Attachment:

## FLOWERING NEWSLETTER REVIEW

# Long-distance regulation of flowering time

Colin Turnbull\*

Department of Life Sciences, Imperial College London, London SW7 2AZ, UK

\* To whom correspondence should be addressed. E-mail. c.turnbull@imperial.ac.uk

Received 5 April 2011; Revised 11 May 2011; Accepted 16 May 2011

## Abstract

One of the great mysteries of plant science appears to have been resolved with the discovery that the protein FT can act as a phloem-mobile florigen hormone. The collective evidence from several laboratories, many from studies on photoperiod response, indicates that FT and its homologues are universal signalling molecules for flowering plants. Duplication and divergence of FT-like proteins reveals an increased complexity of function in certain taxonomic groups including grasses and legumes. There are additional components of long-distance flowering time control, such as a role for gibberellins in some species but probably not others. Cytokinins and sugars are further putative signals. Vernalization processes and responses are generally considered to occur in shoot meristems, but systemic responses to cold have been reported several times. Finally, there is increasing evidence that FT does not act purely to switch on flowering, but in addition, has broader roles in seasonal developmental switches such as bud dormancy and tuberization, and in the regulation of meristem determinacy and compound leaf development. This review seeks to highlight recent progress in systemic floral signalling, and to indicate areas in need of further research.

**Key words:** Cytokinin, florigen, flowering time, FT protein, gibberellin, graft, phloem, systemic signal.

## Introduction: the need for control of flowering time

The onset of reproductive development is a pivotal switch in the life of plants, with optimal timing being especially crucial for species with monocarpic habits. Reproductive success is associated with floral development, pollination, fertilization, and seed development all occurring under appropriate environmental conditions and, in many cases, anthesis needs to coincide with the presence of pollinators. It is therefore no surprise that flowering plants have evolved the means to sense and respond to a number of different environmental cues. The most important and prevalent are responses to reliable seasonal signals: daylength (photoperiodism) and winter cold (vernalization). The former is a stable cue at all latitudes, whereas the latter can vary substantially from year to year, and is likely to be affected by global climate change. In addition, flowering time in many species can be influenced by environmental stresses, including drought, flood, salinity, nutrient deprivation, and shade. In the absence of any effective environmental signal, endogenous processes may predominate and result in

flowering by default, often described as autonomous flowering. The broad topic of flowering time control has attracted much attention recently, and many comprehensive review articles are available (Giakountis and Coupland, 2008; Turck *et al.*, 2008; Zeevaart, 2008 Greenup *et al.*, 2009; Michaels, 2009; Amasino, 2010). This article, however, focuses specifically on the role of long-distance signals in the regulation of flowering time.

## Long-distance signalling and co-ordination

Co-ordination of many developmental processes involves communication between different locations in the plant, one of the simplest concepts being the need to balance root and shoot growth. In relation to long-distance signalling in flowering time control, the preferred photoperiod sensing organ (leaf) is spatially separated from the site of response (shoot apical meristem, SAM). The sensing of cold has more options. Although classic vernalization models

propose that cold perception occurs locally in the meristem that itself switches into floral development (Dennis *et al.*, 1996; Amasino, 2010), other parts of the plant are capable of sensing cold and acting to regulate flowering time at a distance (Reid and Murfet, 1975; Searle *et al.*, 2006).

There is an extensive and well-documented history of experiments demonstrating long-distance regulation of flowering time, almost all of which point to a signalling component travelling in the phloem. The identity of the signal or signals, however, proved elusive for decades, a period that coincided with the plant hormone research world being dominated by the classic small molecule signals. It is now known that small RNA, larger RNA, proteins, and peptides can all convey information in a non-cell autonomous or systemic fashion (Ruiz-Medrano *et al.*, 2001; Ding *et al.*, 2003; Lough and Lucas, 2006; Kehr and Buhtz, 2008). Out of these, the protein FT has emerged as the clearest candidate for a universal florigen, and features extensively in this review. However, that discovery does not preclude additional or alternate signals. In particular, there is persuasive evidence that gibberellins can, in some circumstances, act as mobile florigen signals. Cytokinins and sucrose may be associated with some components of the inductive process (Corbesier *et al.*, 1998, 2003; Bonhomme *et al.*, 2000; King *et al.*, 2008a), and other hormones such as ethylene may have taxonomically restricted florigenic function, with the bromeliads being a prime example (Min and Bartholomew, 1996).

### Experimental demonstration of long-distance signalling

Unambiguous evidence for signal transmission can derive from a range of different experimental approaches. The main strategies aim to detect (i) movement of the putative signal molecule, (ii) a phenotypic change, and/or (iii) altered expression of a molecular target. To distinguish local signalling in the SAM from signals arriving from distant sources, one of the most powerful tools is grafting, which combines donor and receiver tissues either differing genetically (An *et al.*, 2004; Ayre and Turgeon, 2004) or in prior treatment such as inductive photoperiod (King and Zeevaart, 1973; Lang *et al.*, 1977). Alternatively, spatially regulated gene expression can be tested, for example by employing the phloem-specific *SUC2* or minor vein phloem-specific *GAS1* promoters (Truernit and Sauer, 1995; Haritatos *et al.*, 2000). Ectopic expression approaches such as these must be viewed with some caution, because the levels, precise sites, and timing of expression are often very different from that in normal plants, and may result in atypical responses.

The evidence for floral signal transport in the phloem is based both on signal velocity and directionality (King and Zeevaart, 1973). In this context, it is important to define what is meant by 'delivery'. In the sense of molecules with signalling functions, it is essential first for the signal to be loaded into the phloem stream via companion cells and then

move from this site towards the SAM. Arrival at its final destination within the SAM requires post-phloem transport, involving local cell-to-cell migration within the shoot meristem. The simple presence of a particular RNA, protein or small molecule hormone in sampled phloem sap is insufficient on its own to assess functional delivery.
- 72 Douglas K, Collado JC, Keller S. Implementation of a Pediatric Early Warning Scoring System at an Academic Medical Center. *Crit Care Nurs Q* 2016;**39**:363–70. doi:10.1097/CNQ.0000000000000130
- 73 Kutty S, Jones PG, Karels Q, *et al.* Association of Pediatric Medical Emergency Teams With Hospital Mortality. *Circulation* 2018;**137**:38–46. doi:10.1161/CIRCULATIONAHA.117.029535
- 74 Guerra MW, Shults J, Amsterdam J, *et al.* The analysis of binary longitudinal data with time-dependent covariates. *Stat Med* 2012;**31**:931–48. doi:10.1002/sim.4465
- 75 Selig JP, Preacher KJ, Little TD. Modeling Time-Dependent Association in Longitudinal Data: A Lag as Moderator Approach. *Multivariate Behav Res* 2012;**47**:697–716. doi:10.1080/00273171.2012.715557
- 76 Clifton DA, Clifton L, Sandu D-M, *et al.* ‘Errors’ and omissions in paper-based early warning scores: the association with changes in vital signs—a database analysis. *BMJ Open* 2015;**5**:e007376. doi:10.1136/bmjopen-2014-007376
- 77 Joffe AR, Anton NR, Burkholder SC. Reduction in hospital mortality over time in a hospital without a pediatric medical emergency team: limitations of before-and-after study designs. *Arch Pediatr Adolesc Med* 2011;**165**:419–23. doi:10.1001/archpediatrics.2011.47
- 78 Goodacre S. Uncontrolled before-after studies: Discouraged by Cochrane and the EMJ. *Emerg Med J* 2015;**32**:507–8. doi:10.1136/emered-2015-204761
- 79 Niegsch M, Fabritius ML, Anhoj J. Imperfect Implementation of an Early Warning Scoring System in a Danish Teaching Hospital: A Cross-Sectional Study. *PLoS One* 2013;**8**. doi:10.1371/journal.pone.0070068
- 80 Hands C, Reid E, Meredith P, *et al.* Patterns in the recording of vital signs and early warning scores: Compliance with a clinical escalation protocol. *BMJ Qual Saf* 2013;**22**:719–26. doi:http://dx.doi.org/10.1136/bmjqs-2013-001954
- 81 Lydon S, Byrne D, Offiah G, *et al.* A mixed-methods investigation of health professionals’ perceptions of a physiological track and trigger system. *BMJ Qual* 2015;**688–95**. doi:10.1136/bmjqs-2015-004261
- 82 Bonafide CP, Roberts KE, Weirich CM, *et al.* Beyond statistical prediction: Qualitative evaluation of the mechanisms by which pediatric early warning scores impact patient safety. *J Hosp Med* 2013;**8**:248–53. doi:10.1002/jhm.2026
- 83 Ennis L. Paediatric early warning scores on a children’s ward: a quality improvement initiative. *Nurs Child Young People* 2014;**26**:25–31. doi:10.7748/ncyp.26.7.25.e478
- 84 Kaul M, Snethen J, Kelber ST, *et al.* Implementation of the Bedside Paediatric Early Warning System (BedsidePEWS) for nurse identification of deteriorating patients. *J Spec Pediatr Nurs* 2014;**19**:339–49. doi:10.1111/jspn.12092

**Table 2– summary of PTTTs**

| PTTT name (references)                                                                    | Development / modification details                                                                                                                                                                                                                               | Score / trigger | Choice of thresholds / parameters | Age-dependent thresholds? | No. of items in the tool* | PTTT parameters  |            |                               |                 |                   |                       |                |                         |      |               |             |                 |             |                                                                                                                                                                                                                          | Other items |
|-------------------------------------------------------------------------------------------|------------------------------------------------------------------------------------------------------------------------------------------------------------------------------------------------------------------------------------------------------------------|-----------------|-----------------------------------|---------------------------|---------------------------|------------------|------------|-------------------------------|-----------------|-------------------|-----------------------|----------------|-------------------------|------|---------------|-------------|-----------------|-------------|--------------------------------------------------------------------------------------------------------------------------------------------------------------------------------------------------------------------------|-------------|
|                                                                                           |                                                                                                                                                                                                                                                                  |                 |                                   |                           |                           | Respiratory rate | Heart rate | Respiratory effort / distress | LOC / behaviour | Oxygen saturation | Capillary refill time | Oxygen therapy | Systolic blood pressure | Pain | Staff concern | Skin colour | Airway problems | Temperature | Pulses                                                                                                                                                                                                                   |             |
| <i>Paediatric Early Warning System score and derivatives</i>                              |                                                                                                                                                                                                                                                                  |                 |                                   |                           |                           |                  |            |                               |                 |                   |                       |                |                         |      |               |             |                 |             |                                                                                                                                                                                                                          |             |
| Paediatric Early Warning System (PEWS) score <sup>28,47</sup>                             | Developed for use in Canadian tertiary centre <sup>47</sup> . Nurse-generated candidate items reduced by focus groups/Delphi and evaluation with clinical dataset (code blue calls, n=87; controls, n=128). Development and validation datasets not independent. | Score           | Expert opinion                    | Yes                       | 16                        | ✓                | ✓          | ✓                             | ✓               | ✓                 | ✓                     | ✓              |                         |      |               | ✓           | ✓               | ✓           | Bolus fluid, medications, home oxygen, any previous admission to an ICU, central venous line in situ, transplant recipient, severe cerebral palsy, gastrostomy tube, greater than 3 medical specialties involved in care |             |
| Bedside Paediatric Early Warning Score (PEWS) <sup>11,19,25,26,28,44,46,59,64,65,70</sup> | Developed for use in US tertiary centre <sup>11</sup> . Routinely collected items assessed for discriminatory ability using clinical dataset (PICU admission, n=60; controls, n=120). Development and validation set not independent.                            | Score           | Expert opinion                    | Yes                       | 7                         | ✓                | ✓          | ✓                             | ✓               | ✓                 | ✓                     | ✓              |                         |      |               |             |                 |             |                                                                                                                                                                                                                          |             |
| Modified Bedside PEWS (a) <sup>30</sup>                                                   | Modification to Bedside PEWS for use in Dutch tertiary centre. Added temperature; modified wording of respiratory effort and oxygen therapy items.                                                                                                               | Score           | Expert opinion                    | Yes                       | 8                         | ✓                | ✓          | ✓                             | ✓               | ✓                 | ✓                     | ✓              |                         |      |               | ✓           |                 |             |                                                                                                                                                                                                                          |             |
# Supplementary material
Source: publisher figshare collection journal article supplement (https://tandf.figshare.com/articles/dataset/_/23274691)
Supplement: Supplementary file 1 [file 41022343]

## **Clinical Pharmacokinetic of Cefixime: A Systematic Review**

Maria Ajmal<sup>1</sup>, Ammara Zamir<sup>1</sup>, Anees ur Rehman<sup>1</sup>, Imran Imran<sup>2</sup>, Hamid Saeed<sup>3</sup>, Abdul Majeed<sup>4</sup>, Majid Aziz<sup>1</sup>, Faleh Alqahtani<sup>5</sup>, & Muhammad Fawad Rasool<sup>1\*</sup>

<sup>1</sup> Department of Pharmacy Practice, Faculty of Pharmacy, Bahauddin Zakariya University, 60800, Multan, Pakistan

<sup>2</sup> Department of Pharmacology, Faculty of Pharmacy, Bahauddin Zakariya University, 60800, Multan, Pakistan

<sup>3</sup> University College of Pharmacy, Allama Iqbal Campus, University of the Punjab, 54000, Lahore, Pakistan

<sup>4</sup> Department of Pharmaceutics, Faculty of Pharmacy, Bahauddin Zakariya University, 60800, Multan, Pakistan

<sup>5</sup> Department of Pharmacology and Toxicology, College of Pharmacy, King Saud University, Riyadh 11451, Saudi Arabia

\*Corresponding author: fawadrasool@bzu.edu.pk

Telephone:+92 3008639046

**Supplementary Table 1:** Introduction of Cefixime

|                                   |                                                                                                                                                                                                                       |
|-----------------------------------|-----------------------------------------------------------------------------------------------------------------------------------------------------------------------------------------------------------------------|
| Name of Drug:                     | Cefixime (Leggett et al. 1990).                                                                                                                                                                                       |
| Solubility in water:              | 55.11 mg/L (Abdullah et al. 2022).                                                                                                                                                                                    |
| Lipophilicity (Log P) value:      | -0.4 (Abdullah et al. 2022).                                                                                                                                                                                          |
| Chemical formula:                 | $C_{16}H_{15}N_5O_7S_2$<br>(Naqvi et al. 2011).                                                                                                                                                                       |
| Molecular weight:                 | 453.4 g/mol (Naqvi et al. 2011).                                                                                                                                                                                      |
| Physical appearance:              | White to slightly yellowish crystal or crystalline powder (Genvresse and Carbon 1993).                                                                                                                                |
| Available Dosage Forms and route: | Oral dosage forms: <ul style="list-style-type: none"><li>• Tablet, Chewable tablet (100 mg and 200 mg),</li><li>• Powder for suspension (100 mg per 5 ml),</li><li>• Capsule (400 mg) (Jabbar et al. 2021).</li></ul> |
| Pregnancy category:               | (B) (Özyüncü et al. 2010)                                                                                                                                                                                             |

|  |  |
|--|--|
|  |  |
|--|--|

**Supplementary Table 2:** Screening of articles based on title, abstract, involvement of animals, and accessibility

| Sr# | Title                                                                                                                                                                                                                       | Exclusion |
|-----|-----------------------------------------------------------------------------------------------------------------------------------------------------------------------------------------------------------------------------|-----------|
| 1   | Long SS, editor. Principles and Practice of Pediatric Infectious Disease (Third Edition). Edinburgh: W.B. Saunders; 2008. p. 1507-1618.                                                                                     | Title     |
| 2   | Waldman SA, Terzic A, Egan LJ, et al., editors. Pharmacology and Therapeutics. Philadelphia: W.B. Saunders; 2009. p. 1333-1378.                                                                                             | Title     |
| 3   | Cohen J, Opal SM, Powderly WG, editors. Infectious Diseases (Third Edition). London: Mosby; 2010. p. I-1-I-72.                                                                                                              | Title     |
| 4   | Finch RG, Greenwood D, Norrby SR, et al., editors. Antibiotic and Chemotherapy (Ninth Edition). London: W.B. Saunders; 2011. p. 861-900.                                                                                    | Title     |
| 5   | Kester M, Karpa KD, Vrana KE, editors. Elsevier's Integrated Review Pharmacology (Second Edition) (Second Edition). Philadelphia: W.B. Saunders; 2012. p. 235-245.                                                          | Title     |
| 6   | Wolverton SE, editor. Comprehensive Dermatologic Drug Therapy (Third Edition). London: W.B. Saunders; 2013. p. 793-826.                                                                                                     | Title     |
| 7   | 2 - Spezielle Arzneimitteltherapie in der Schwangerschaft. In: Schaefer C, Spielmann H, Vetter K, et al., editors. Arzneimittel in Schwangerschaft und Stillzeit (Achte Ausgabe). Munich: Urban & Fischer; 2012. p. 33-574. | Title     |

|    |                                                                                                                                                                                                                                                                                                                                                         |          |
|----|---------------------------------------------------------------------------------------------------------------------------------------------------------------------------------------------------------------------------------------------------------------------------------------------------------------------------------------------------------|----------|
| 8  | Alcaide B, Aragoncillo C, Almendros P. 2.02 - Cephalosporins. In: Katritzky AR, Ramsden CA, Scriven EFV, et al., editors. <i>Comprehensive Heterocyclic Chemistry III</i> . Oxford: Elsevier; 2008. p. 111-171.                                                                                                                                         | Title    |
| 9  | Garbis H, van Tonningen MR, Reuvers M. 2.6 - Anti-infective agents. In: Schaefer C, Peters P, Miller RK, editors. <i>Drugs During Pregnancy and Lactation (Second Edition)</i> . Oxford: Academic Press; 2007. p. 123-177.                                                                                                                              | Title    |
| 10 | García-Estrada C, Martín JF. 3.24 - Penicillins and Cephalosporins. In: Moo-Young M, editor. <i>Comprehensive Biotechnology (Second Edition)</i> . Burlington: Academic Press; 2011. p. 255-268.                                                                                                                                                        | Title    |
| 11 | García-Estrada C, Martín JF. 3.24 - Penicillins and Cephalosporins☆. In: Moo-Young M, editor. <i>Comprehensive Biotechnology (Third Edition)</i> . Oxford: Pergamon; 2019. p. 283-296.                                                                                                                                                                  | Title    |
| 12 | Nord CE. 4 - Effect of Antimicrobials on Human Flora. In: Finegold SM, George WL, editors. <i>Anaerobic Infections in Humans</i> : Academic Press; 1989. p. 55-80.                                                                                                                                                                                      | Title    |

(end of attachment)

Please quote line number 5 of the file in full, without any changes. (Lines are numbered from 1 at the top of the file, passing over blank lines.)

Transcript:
\* To whom correspondence should be addressed. E-mail. c.turnbull@imperial.ac.uk